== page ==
In English, many things are named after a particular country – but have you ever wondered what those things are called in those countries?
- Everyone in England should see it from the deck of a wooden sailing ship, with a chill on the air and the taste of spindrift on their lips.
- It's a fine day, the sun shining but the wind blowing spindrift sharp as staples.
- With childlike optimism, I'd pitched our tarp-tent as I would have in Colorado timber, and spindrift had squirted through every crack, coating everything with a layer of rime and soaking our sleeping bag.
- Its contents smelled of Scottish mildew and stone, and spindrift, and stevedore's spilt beer, and untreated crate wood, and alien scents of faraway cargo, the wafture of seas and continents.
- From the dark geometrical precision of its bridge, Ghyll Beck lopes downhill in long slants of water pelting spindrift spray and flooding, pure white, across the wide flat stones at the base of the waterfall.
- I worked my way up, dutifully cleaning pro as I went and complaining loudly to no one in particular about the spindrift, steam and melt water on my glasses.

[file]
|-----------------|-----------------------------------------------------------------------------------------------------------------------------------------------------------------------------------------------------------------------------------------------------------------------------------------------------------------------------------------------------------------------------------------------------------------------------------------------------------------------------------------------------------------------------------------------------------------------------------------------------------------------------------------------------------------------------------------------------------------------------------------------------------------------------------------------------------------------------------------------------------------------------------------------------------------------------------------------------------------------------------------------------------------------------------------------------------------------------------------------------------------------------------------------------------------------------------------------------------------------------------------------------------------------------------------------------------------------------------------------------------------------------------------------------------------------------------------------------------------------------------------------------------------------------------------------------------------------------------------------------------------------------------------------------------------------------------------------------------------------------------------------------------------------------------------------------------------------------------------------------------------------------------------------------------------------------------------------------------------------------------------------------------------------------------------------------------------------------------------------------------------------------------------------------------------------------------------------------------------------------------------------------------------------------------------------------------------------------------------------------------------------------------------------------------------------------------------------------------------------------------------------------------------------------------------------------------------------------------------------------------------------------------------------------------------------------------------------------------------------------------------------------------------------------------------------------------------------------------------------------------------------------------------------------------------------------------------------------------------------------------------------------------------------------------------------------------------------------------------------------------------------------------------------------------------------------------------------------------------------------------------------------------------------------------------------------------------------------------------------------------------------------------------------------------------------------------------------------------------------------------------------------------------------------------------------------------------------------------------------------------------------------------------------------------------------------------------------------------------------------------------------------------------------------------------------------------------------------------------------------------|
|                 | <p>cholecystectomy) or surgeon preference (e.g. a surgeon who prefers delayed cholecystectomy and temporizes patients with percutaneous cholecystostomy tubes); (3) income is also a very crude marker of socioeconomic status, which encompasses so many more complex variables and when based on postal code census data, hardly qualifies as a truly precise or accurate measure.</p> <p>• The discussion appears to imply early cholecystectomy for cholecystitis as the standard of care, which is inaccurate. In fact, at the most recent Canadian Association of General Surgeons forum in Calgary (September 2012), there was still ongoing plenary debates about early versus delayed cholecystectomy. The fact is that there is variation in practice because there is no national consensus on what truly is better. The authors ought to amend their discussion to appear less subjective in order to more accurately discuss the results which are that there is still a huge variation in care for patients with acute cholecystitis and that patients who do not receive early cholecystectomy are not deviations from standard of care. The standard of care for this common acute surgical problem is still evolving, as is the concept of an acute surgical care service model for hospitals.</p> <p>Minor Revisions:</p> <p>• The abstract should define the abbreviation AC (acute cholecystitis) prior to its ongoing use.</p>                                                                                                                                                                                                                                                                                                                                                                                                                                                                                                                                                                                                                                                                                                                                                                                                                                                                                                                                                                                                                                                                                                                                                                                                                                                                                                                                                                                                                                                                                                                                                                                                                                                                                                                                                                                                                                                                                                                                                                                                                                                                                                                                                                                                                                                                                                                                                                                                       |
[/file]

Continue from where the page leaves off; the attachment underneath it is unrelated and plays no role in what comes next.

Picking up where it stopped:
- Its fury is unimaginable, white spindrift foaming and tumbling as Christopher shouts orders above the howling wind.
- Anachronisms and nautical howlers bombard the reader like spindrift in a Force 10 gale.
- And through the spindrift the local surfers will don thick wetsuits, boots, gloves and hoods and paddle out into frigid North Atlantic swells to do what we all love best, catch a few waves.
English has borrowed many of the following foreign expressions of parting, so you’ve probably encountered some of these ways to say goodbye in other languages.
Many words formed by the addition of the suffix –ster are now obsolete - which ones are due a resurgence?
As their breed names often attest, dogs are a truly international bunch. Let’s take a look at 12 different dog breed names and their backstories.